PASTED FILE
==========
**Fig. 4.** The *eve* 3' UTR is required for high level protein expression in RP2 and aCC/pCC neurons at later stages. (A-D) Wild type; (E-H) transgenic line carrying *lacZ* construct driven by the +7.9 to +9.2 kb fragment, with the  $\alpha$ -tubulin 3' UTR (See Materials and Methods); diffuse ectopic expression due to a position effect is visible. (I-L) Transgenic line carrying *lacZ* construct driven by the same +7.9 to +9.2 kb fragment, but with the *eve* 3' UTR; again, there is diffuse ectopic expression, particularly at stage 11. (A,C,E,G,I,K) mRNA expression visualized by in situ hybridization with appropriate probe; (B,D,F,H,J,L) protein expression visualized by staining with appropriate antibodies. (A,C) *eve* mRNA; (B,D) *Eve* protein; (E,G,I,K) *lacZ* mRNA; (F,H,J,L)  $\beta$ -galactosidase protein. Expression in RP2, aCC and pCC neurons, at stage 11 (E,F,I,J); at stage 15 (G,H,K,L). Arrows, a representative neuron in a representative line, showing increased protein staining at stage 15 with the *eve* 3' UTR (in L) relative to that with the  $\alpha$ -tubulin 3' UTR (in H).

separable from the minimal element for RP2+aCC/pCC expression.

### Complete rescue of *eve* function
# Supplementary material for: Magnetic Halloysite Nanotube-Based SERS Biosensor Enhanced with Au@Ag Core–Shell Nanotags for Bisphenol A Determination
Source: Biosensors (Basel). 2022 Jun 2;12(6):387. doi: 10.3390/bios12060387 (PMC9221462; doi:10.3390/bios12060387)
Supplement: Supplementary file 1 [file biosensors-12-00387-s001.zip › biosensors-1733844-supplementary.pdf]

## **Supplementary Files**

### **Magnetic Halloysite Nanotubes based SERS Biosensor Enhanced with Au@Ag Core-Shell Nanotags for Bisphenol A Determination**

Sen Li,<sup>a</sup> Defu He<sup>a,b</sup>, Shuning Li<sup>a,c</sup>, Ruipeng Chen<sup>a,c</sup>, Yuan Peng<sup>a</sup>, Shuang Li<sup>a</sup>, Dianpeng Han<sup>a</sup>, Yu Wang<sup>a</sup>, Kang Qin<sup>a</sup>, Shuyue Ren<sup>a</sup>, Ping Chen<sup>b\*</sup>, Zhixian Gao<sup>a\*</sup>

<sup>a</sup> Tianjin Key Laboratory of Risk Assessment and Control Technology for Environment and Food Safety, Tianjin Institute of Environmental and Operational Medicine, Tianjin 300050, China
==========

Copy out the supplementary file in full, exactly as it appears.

**Fig. 4.** The *eve* 3' UTR is required for high level protein expression in RP2 and aCC/pCC neurons at later stages. (A-D) Wild type; (E-H) transgenic line carrying *lacZ* construct driven by the +7.9 to +9.2 kb fragment, with the  $\alpha$ -tubulin 3' UTR (See Materials and Methods); diffuse ectopic expression due to a position effect is visible. (I-L) Transgenic line carrying *lacZ* construct driven by the same +7.9 to +9.2 kb fragment, but with the *eve* 3' UTR; again, there is diffuse ectopic expression, particularly at stage 11. (A,C,E,G,I,K) mRNA expression visualized by in situ hybridization with appropriate probe; (B,D,F,H,J,L) protein expression visualized by staining with appropriate antibodies. (A,C) *eve* mRNA; (B,D) *Eve* protein; (E,G,I,K) *lacZ* mRNA; (F,H,J,L)  $\beta$ -galactosidase protein. Expression in RP2, aCC and pCC neurons, at stage 11 (E,F,I,J); at stage 15 (G,H,K,L). Arrows, a representative neuron in a representative line, showing increased protein staining at stage 15 with the *eve* 3' UTR (in L) relative to that with the  $\alpha$ -tubulin 3' UTR (in H).

separable from the minimal element for RP2+aCC/pCC expression.

### Complete rescue of *eve* function
# Supplementary material for: Magnetic Halloysite Nanotube-Based SERS Biosensor Enhanced with Au@Ag Core–Shell Nanotags for Bisphenol A Determination
Source: Biosensors (Basel). 2022 Jun 2;12(6):387. doi: 10.3390/bios12060387 (PMC9221462; doi:10.3390/bios12060387)
Supplement: Supplementary file 1 [file biosensors-12-00387-s001.zip › biosensors-1733844-supplementary.pdf]

## **Supplementary Files**

### **Magnetic Halloysite Nanotubes based SERS Biosensor Enhanced with Au@Ag Core-Shell Nanotags for Bisphenol A Determination**

Sen Li,<sup>a</sup> Defu He<sup>a,b</sup>, Shuning Li<sup>a,c</sup>, Ruipeng Chen<sup>a,c</sup>, Yuan Peng<sup>a</sup>, Shuang Li<sup>a</sup>, Dianpeng Han<sup>a</sup>, Yu Wang<sup>a</sup>, Kang Qin<sup>a</sup>, Shuyue Ren<sup>a</sup>, Ping Chen<sup>b\*</sup>, Zhixian Gao<sup>a\*</sup>

<sup>a</sup> Tianjin Key Laboratory of Risk Assessment and Control Technology for Environment and Food Safety, Tianjin Institute of Environmental and Operational Medicine, Tianjin 300050, China